Definition. If an (n, k) linear code over F has parity-check matrix H, then, for any vector u ∈ F^{n}, the vector uH is called the syndrome of u.

Theorem. Let C be an (n, k) linear code over F with a parity-check matrix H. Then, two vectors of F^{n} are in the same coset of C if and only if they have the same syndrome.

Proof:

Let u, v ∈ F^{n} are in the same coset of C ↭ u - v ∈ C ⇒ [By the Orthogonality Lemma ∀v ∈ F^{n}, v ∈ C ↭ vH = 0.] u and v are in the same coset ↭ 0 = (u -v)H = uH -vH

Syndrome decoding for a received word w:

- Compute wH, the syndrome.
- Find the coset leader v such that wH = vH.
- Decode the vector as w -v.

Example.

$H = \left( \begin{smallmatrix}1 & 1 & 0\\1 & 0 & 1\\ 0 & 1 & 1 \\ 1 & 0 & 0 \\ 0 & 1 & 0 \\ 0 & 0 & 1 \end{smallmatrix} \right).$

$\left( \begin{smallmatrix}1\\ 0\\ 0\\ 0 \\ 0\\ 0\end{smallmatrix} \right) \left( \begin{smallmatrix}1 & 1 & 0\\1 & 0 & 1\\ 0 & 1 & 1 \\ 1 & 0 & 0 \\ 0 & 1 & 0 \\ 0 & 0 & 1 \end{smallmatrix} \right) = \left( \begin{smallmatrix}1\\ 1\\ 0\end{smallmatrix} \right)$

Coset leader | 000000 | 100000 | 010000 | 001000 | 000100 | 000010 | 000001 | 100001 |
---|---|---|---|---|---|---|---|---|

Syndromes | 000 | 110 | 101 | 011 | 100 | 010 | 001 | 111 |

To decode w = 101001,

$wH=\left( \begin{smallmatrix}1\\ 0\\ 1\\ 0 \\ 0\\ 1\end{smallmatrix} \right) \left( \begin{smallmatrix}1 & 1 & 0\\1 & 0 & 1\\ 0 & 1 & 1 \\ 1 & 0 & 0 \\ 0 & 1 & 0 \\ 0 & 0 & 1 \end{smallmatrix} \right) = \left( \begin{smallmatrix}1\\ 0\\ 0\end{smallmatrix} \right) = \left( \begin{smallmatrix}0\\ 0\\ 0\\ 1 \\ 0\\ 0\end{smallmatrix} \right) \left( \begin{smallmatrix}1 & 1 & 0\\1 & 0 & 1\\ 0 & 1 & 1 \\ 1 & 0 & 0 \\ 0 & 1 & 0 \\ 0 & 0 & 1 \end{smallmatrix} \right) $ ⇒ w - v (coset leader) = (101001) - (000100) = 101101 was the original message sent.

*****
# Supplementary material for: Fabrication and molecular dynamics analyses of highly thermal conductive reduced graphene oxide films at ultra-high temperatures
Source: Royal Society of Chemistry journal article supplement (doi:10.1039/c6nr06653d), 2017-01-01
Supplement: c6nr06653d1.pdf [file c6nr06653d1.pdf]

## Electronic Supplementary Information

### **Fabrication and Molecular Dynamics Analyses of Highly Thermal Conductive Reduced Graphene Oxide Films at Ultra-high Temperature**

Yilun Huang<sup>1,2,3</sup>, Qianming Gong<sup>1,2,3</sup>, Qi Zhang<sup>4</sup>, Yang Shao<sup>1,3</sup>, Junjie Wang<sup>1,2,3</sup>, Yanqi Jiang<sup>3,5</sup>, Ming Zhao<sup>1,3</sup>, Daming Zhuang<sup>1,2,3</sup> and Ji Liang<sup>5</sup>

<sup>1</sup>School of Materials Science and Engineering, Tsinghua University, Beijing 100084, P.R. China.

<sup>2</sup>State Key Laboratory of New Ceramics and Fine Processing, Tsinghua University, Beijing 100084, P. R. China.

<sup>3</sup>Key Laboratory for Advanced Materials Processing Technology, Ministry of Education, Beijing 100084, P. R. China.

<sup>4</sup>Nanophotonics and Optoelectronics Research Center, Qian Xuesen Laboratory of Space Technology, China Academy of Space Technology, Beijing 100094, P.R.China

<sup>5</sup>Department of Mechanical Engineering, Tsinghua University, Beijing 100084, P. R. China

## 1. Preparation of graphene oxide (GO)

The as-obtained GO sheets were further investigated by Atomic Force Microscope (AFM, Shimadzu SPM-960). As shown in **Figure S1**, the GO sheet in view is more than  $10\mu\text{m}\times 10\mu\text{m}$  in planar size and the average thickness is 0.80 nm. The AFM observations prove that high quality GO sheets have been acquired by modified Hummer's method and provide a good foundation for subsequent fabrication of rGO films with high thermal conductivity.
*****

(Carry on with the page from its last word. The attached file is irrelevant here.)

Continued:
To decode w = 011001,

$wH=\left( \begin{smallmatrix}0\\ 1\\ 1\\ 0 \\ 0\\ 1\end{smallmatrix} \right) \left( \begin{smallmatrix}1 & 1 & 0\\1 & 0 & 1\\ 0 & 1 & 1 \\ 1 & 0 & 0 \\ 0 & 1 & 0 \\ 0 & 0 & 1 \end{smallmatrix} \right) = \left( \begin{smallmatrix}1\\ 1\\ 1\end{smallmatrix} \right) = \left( \begin{smallmatrix}1\\ 0\\ 0\\ 0 \\ 0\\ 1\end{smallmatrix} \right) \left( \begin{smallmatrix}1 & 1 & 0\\1 & 0 & 1\\ 0 & 1 & 1 \\ 1 & 0 & 0 \\ 0 & 1 & 0 \\ 0 & 0 & 1 \end{smallmatrix} \right) $ ⇒ w - v (coset leader) = (011001) - (100001) = 111000 was the original message sent.